Many canine friends have entered my life and touched my heart in many ways. As a Paw-rent, I count at least 20 dogs that have altered my life perspectives or blessed me with abject happiness.
But Misty stands out in the Canine Crowd. This Schnauzer's quiet demeanour, gentle disposition, and silent yet comforting company made more difference to my life than I could have imagined.
How she came to be a part of the family
Misty came into the family as a feisty four-month-old pup. At the Pet Shop, this Salt-and Pepper handful grabbed the bars of the cage she was in with her teeth and pulled them as hard as possible. Her feisty nature confirmed her rank among our family members.
Taking her out on walks
This quiet but stubborn canine, in the vein of most Schnauzers, objected when asked to pee and poo on grass patches, choosing instead to poop on the pavement. We took some time to potty-train and get her to respond to basic obedience commands.
How she vocalized and sang
Misty was the Celine Dion of the Canine world. This vocal dog had a doggy passion for "speaking" and "singing." She grabbed every chance she could to express her opinions. She responded to everything we said and did. It almost seemed as though she understood us to a T and was interacting with us directly. And no, I didn't have to teach her the "no speak" command because she only spoke when necessary.
Misty was an ardent fan of Bruno Mars and would have done the prolific singer proud in her doggy way. Her crooning of "Just the Way You Are" would envelope the entire music room of my home. You'd think the neighbours would have knocked on my door, but this adorable dog's actions tickled us too much for us to grumble.
How she was protective
Misty was an old, gentle soul but was by no means a pushover. I am a first-hand witness to this.
Many pet owners will tell you that dogs have a "third eye" and can see things that we cannot. I was not convinced of the existence of the supernatural until Misty unveiled her gift for detecting extra presences.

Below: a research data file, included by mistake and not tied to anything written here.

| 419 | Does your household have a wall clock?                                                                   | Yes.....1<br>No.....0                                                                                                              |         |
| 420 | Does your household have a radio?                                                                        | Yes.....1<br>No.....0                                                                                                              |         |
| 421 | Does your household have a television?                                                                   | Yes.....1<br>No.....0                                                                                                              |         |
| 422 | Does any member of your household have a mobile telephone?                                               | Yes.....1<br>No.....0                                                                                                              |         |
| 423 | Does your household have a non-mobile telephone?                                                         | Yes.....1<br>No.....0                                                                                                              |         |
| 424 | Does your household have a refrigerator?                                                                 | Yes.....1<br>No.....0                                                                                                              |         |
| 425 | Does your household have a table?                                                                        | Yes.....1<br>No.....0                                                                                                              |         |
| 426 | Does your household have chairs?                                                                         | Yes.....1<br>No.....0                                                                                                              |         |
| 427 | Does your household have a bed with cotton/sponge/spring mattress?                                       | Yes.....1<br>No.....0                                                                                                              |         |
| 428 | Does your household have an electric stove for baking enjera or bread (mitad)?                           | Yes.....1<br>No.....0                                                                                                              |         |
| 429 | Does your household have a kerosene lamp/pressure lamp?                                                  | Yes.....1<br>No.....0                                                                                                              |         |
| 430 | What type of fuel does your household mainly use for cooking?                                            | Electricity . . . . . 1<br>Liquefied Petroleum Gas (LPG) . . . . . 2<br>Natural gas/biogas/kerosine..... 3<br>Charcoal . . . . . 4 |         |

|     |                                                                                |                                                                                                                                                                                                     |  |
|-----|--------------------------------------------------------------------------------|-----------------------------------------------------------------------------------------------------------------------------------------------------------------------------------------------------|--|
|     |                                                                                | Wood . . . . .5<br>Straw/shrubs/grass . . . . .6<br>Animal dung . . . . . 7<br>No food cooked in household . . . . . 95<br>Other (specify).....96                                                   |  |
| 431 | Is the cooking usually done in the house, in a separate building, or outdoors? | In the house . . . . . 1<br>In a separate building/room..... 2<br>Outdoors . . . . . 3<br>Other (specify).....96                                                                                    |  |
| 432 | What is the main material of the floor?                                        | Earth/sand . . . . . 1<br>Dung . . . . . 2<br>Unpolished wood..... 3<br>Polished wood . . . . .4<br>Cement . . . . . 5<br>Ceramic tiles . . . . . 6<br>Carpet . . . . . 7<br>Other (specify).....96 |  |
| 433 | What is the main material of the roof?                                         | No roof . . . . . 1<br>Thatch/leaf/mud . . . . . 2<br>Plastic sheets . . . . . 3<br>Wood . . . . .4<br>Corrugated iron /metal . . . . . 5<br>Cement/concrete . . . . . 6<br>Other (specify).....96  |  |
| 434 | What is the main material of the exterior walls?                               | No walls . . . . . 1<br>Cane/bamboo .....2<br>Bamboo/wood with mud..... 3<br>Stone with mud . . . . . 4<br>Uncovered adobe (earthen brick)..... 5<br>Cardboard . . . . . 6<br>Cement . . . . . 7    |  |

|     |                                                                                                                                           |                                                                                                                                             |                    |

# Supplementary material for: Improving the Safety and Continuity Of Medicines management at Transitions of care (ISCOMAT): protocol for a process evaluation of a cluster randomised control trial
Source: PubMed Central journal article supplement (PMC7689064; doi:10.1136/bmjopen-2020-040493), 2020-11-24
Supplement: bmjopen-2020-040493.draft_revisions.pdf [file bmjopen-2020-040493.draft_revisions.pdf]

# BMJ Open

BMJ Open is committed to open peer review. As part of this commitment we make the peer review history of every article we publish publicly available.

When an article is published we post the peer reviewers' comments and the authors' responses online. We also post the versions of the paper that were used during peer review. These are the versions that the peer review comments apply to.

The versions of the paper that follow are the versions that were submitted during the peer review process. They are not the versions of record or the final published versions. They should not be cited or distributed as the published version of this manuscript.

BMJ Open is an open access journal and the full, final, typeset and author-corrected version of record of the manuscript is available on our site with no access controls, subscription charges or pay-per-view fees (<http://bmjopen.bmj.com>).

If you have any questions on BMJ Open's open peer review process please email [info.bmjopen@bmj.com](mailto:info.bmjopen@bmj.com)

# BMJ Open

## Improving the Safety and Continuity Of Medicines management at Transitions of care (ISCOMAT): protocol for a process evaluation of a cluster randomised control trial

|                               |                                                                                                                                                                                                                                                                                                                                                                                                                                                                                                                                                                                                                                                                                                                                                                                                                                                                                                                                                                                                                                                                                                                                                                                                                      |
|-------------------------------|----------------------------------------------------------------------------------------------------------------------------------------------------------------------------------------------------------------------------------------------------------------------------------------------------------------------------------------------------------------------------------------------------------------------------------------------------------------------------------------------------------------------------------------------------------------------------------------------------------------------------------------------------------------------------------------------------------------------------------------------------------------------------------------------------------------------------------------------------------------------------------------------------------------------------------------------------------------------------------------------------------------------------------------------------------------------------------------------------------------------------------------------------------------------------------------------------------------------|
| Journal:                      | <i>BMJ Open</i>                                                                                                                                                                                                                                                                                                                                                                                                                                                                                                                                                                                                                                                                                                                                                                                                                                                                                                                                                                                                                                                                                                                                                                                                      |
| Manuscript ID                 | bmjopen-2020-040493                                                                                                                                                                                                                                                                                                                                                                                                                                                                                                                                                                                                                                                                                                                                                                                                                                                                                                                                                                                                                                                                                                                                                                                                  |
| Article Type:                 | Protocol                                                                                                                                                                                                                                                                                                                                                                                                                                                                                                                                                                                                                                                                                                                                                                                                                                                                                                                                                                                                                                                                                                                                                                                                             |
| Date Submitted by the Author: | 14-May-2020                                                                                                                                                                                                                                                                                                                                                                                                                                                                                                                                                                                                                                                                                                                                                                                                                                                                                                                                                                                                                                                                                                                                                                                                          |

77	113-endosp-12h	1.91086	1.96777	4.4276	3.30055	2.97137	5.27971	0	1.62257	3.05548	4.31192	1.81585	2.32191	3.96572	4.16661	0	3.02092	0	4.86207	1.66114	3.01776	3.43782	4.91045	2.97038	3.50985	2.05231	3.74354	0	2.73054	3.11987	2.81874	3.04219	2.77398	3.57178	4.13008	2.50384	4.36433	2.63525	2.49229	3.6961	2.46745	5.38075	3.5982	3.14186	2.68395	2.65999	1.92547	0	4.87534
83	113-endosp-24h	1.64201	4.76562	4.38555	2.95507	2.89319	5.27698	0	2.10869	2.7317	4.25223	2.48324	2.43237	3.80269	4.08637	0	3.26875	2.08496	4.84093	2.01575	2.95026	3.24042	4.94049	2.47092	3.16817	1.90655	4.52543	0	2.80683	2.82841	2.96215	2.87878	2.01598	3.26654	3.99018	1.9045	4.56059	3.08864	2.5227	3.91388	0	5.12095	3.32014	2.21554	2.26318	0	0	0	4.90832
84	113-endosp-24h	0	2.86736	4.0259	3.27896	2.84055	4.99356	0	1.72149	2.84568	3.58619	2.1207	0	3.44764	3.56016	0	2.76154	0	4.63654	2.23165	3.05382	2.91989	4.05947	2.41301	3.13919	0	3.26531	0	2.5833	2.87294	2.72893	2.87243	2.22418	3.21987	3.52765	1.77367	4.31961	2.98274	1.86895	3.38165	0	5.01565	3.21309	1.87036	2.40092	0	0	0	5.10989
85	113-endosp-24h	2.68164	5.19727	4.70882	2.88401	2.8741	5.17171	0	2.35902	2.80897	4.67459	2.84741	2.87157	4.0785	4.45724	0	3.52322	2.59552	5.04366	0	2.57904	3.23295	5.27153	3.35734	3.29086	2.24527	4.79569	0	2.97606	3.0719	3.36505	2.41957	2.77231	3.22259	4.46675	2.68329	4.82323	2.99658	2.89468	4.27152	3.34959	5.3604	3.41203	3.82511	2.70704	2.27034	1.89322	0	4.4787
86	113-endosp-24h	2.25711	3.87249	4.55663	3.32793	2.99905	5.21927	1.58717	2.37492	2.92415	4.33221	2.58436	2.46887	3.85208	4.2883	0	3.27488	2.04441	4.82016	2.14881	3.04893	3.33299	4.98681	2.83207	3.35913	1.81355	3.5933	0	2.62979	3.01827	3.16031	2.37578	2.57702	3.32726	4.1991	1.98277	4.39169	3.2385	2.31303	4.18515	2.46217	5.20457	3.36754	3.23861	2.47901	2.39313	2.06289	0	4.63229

Movie reviews are welcome pieces of relaxing writing for every author. I was working on one for the horror film Conjuring and had become one of the millions of visitors to Demonologist Lorainne Warren's website.
What I thought were harmless pieces of information were far from being those. Logging in had inadvertently teased open a portal to another dimension, and I was not in the mood to find out what lay there.
Misty was the first to discover what happened and heroically called out a warning. She turned to the wall where the portal was and let out a few frantic barks. My West Highland White Terrier, Cloudy, joined her. Both barked at the wall for a few tense minutes.
I was unsure what to make of the unusual behaviour at first but didn't take long to guess that it had something to do with surfing Lorraine's website. I quickly navigated away, and the frantic canine calls stopped.
Of course, the experience was harrowing. I didn't complete that review and moved on to another task. The dogs calmed down but occasionally gave the wall of my study room strange looks.
How she took care of Cloudy
Misty would have quelled the doubts of anyone who believes that dogs have no sense of empathy or notions of tenderness. She always positioned her younger 'sister,' Cloudy, at the head of her priority lists (yes, dogs do make them like us.)
She let the gluttonous younger dog have her fill of well-earned kibble (they earned their food by barking at and accosting strangers behind the front door) and defended the younger pup from aggressive canine bullies. The behaviour that warmed the heart most was how she came to butt her nose against my arm whenever I scolded Cloudy for the junior's annoying yet endearing doggy quirks.
Circumstances surrounding her death
Sadly, the demure, pint-sized Queen M, our term of endearment for her - surrendered to liver cirrhosis a few years ago. She fought it till the last, refusing to leave us until K, my husband, managed to make his way home to say goodbye.
The attention-seeking Cloudy wouldn't let us forget her. Very attached to Misty, she demanded that we let her come to the pet hospital. Misty passed quietly, with everyone in the family able to bid her a fond farewell.
A dog to be remembered
We still keep Misty's ashes today. She was a dog that calmed when we needed tranquillity and came forth when we needed courage. She lent a helping paw when we needed one and stood guardian at the door ( or functioned as the most efficient doorbell in Singapore. She has left us but is far from forgotten.